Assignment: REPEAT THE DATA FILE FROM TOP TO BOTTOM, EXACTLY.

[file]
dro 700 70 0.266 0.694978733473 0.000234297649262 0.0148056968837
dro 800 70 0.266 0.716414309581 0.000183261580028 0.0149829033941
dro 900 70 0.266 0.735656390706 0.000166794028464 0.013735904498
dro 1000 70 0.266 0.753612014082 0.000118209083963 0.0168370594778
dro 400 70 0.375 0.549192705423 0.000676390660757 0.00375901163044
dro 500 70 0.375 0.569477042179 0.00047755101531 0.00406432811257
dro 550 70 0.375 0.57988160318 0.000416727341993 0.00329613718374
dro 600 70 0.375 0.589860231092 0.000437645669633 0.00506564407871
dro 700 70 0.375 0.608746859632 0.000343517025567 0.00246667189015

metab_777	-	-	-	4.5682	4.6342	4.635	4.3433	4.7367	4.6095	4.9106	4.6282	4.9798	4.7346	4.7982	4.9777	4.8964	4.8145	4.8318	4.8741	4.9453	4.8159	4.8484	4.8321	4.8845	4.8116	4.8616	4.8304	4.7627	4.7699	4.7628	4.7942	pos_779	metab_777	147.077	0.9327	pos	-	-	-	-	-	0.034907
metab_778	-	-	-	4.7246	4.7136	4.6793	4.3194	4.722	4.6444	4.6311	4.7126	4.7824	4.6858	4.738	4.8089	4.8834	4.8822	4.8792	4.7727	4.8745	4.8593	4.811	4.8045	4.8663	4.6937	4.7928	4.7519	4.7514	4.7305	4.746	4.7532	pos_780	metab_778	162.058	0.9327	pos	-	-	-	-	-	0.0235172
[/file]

dro 700 70 0.266 0.694978733473 0.000234297649262 0.0148056968837
dro 800 70 0.266 0.716414309581 0.000183261580028 0.0149829033941
dro 900 70 0.266 0.735656390706 0.000166794028464 0.013735904498
dro 1000 70 0.266 0.753612014082 0.000118209083963 0.0168370594778
dro 400 70 0.375 0.549192705423 0.000676390660757 0.00375901163044
dro 500 70 0.375 0.569477042179 0.00047755101531 0.00406432811257
dro 550 70 0.375 0.57988160318 0.000416727341993 0.00329613718374
dro 600 70 0.375 0.589860231092 0.000437645669633 0.00506564407871
dro 700 70 0.375 0.608746859632 0.000343517025567 0.00246667189015

metab_777	-	-	-	4.5682	4.6342	4.635	4.3433	4.7367	4.6095	4.9106	4.6282	4.9798	4.7346	4.7982	4.9777	4.8964	4.8145	4.8318	4.8741	4.9453	4.8159	4.8484	4.8321	4.8845	4.8116	4.8616	4.8304	4.7627	4.7699	4.7628	4.7942	pos_779	metab_777	147.077	0.9327	pos	-	-	-	-	-	0.034907
metab_778	-	-	-	4.7246	4.7136	4.6793	4.3194	4.722	4.6444	4.6311	4.7126	4.7824	4.6858	4.738	4.8089	4.8834	4.8822	4.8792	4.7727	4.8745	4.8593	4.811	4.8045	4.8663	4.6937	4.7928	4.7519	4.7514	4.7305	4.746	4.7532	pos_780	metab_778	162.058	0.9327	pos	-	-	-	-	-	0.0235172